Fifteen years ago, School-to-School International was created to realize a dream:
If we provided kids with support in education, health, and community engagement simultaneously, they could thrive in their early years and thus have a greater chance at success in life.
We started in Guinea, West Africa in 2002, in schools most of us would barely recognize: dilapidated buildings, overcrowded classrooms, broken furniture, few books, and no electricity, water, toilets, or food. Teachers came and went, many holding second jobs to make ends meet. Students struggled to access and engage in their education.
In the spirit of the new year, new beginnings, and recommitments, School-to-School International renews its support of the girls and boys of Guinea and throughout the world through our Whole Child Model.
Dear School-to-School International supporters:
Three years ago, I met a fourth-grade student named Fatoumata Diouf at STS’s partner school in Filimia in the Boke region of western Guinea. She was an ideal candidate for the girls’ scholarship program. In addition to meeting all the scholarship criteria, Fatoumata showed exceptional promise and enthusiasm for learning while also facing a particularly difficult home life. Fatoumata is one of these special cases.
Dear Girls of Guinea,
You inspire me. Since 2002, you have been a driving force for me each day—your education, your wellness, your potential. Through presidential elections and a coup, strikes and massacres, even Ebola, you remain strong.
For more than a decade School-to-School International has implemented and refined an approach that embodies our founding principle: In order for students to thrive, they must have their basic needs fulfilled. We have pursued activities from all three components of the Whole Child Model—Education, Health, and Community Engagement—reaching over 2,600 students in Guinea in the 2015-16 school year alone.
But what does that look like in practice? Below is a snapshot of this year in Guinea.
Although the links between girls’ education and improved quality of life and economic growth are well known, school-age girls in Guinea continue to face conditions that limit school success—from systemic impediments, such as shortages of qualified teachers, to cultural factors, like the practice of early marriage.
As a result, many female students leave school before completing the primary school cycle. Less than half of school-age girls in Guinea regularly participate in primary school (47.7 percent) and only a quarter (25.9 percent) enroll in secondary school (UNICEF 2013). It is a striking figure, and one that has been a driving force in STS’s Whole Child Model.
Recently, we partnered with the United Nations Girls’ Education Initiative to produce a case study, A Holistic Approach to Girl’s Education—School-to-School International’s Whole Child Model, which examines how the Girls’ Education Program improved education, health, and engagement while addressing factors that hindered girls’ success in school.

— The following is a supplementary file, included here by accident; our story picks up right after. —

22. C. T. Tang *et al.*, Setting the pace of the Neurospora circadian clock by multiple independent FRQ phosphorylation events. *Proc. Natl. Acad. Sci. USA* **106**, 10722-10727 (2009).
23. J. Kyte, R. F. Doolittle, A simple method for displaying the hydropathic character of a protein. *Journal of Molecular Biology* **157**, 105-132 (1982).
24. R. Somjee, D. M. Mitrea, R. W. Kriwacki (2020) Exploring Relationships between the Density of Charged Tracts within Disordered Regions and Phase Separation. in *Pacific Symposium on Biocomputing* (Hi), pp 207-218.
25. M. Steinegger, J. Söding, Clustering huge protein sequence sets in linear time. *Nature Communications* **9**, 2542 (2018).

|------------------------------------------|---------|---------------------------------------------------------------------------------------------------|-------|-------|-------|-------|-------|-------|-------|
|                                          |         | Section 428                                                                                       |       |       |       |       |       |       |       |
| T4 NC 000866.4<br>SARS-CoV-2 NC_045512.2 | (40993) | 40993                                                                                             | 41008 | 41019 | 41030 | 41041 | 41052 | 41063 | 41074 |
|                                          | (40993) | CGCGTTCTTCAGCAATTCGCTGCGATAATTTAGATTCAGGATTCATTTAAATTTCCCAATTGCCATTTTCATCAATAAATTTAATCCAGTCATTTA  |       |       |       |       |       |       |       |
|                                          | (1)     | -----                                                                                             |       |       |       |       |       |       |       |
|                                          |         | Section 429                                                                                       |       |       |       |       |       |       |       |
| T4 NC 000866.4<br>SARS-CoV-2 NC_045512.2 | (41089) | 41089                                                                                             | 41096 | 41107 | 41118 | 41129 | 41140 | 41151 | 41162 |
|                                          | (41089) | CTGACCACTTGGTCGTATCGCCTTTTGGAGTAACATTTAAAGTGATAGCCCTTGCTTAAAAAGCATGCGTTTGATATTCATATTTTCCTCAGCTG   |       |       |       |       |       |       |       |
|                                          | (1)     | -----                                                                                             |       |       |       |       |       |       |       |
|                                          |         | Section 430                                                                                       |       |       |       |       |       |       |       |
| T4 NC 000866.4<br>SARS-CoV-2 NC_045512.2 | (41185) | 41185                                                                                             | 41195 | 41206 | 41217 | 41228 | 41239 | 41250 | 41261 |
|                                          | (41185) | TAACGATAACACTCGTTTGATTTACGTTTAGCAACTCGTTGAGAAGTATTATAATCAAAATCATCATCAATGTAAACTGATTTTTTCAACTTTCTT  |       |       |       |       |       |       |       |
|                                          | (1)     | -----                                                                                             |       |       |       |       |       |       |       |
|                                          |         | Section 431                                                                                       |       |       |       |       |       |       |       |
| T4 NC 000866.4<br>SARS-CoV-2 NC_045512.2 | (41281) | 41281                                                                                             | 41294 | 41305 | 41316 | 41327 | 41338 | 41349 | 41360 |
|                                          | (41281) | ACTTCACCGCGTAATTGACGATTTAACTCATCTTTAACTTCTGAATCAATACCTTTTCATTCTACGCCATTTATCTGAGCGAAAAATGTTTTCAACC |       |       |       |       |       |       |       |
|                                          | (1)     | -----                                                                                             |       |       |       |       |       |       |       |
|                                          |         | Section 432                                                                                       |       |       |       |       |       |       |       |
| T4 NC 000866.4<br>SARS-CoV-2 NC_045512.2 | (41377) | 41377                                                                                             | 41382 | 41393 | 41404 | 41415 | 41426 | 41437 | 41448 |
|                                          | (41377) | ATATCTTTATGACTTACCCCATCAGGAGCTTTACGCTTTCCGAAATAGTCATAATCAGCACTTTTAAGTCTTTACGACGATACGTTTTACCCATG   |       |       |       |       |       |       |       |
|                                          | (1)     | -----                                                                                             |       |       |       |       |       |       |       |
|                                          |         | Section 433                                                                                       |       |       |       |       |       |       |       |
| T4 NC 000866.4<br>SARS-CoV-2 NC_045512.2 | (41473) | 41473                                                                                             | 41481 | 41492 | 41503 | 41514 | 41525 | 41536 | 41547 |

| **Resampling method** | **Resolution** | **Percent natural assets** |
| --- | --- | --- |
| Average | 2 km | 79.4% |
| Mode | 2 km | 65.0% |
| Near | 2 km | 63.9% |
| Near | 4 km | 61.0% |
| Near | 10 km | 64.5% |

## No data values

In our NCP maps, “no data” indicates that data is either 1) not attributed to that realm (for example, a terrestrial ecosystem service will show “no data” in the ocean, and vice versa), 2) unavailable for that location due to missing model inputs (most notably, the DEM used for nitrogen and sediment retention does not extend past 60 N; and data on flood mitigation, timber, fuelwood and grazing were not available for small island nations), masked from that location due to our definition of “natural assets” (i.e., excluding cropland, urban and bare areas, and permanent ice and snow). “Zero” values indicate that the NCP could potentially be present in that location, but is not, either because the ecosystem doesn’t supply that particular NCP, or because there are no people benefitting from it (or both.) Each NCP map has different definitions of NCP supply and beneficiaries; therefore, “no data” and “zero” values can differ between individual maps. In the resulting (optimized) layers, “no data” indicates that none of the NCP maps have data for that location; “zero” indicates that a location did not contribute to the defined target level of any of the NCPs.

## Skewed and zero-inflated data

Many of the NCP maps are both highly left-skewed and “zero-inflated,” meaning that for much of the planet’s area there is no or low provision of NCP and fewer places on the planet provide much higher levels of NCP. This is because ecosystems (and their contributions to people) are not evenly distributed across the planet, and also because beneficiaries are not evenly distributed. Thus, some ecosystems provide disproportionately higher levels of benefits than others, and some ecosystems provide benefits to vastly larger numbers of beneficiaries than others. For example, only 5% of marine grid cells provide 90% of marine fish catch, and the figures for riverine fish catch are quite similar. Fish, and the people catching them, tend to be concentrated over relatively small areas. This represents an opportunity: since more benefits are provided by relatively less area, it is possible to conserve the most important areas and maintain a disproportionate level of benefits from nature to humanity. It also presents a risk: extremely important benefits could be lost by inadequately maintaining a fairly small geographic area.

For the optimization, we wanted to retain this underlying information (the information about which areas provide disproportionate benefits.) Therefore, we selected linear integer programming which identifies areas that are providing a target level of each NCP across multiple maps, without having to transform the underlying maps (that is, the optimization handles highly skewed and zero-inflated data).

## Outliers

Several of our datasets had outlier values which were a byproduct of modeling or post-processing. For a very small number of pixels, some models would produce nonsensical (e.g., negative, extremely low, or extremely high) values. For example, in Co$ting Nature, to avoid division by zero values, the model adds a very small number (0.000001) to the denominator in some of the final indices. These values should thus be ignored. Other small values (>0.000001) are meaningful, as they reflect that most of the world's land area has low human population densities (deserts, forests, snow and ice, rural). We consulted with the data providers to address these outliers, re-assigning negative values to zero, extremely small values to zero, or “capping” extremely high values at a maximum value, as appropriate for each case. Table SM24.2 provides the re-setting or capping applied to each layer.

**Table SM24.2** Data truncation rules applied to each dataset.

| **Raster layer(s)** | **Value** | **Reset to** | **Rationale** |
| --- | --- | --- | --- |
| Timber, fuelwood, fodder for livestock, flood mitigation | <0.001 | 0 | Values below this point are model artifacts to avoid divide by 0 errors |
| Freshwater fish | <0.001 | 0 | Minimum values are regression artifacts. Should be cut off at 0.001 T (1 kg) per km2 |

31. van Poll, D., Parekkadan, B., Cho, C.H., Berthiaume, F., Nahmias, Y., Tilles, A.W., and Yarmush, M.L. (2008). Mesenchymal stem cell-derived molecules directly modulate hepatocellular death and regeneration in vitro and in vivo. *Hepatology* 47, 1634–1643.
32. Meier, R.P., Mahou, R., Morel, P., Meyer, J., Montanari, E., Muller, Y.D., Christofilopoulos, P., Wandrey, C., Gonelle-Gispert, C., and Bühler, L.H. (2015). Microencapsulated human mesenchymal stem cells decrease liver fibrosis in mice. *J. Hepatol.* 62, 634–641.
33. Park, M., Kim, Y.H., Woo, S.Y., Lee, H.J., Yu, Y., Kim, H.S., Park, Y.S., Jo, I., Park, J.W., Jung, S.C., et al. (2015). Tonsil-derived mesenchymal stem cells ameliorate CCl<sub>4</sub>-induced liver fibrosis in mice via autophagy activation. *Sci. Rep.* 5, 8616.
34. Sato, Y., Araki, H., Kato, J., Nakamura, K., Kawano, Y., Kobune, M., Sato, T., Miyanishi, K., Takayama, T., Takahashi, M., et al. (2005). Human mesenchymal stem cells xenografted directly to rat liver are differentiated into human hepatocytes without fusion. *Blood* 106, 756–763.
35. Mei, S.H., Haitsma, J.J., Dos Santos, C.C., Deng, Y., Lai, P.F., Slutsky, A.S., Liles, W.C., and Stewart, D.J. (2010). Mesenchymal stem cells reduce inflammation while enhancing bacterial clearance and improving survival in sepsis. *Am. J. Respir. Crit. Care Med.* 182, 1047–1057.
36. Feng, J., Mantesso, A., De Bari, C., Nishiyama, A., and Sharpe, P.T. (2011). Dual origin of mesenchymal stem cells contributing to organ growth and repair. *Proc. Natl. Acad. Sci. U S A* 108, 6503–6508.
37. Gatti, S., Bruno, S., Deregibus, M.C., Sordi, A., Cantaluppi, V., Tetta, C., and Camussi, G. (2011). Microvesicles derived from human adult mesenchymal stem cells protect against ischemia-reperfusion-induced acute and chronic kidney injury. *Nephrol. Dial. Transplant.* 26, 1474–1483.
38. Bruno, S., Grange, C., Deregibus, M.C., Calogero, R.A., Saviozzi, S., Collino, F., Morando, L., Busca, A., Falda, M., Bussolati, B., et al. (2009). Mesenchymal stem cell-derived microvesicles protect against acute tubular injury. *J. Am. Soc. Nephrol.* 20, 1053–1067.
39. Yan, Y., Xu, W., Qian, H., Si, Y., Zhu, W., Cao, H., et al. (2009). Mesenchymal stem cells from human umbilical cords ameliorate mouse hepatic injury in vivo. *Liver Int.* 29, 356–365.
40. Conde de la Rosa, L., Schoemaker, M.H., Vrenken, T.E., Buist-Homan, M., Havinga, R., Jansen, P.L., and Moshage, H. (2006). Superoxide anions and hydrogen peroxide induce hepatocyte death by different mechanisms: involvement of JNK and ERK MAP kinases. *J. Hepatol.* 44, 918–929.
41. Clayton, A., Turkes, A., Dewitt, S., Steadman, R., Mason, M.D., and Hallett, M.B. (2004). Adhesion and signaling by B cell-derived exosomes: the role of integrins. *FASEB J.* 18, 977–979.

Today, we’re happy to share some of the key findings of the report:
Dear STS Supporters,
As a member of the STS Board of Directors, I have a special place in my heart for education and providing opportunities for youth who are so often overlooked. My passion stems both from my experiences as the son of an English teacher and from my experiences teaching high school English as a Peace Corps volunteer in Lezha, Albania.
I had the privilege of teaching some amazing, highly motivated students who were so eager to learn English from a native speaker. My experience was challenging, yet so rewarding. I recall outdated methodologies that promoted rote memorization over free flowing conversation, students huddling together in the winter in unheated classrooms and grading tests by candlelight during power outages. Those experiences have in part shaped who I am today. They’ve given me an immense appreciation for education and the impact it has on our children.
Since 2002, School-to-School International has impacted the lives of thousands of students in Guinea through our Whole Child Model, an integrated set of activities centered on the three sectors of education, health, and engagement.
Empowering girls is a key focus of the model. Thanks to the generosity of our supporters, we gave 30 scholarships to girls last year. We also raised awareness about the benefits of girls’ education by conducting community workshops and ran after-school programs for at-risk children, with a special emphasis on girls.
This marks the second week of our fundraising effort devoted to our girls’ education activities. We have the special chance to double the impact we make in the lives of girls, thanks to an awesome contributor who has offered to match all donations during this campaign.
Since School-to-School International was founded in 2002, one big question has driven our work: What does a child need in order to thrive in the classroom? There are many answers. No single “magic bullet” will lead to success.
This belief inspired our integrated Whole Child Model. This holistic program includes an array of activities in three areas — education, health, and engagement. Just like a car, a school is composed of a complex set of parts. All of them must function properly to ensure students are on the road to a quality education.
Last week, Candace Debnam, School-to-School International’s Business Development Director, attended USAID’s Frontiers in Development forum. She wrote the following piece about her experience.
I recently had the pleasure of representing School-to-School International at USAID’s second Frontiers in Development forum, a major development event featuring global leaders such as Secretary of State John Kerry and engaging participants over two days packed with discussions, high-profile talks, and interactive panels on critical development issues. The overall goal was to tackle the question: How will we eradicate extreme poverty by 2030?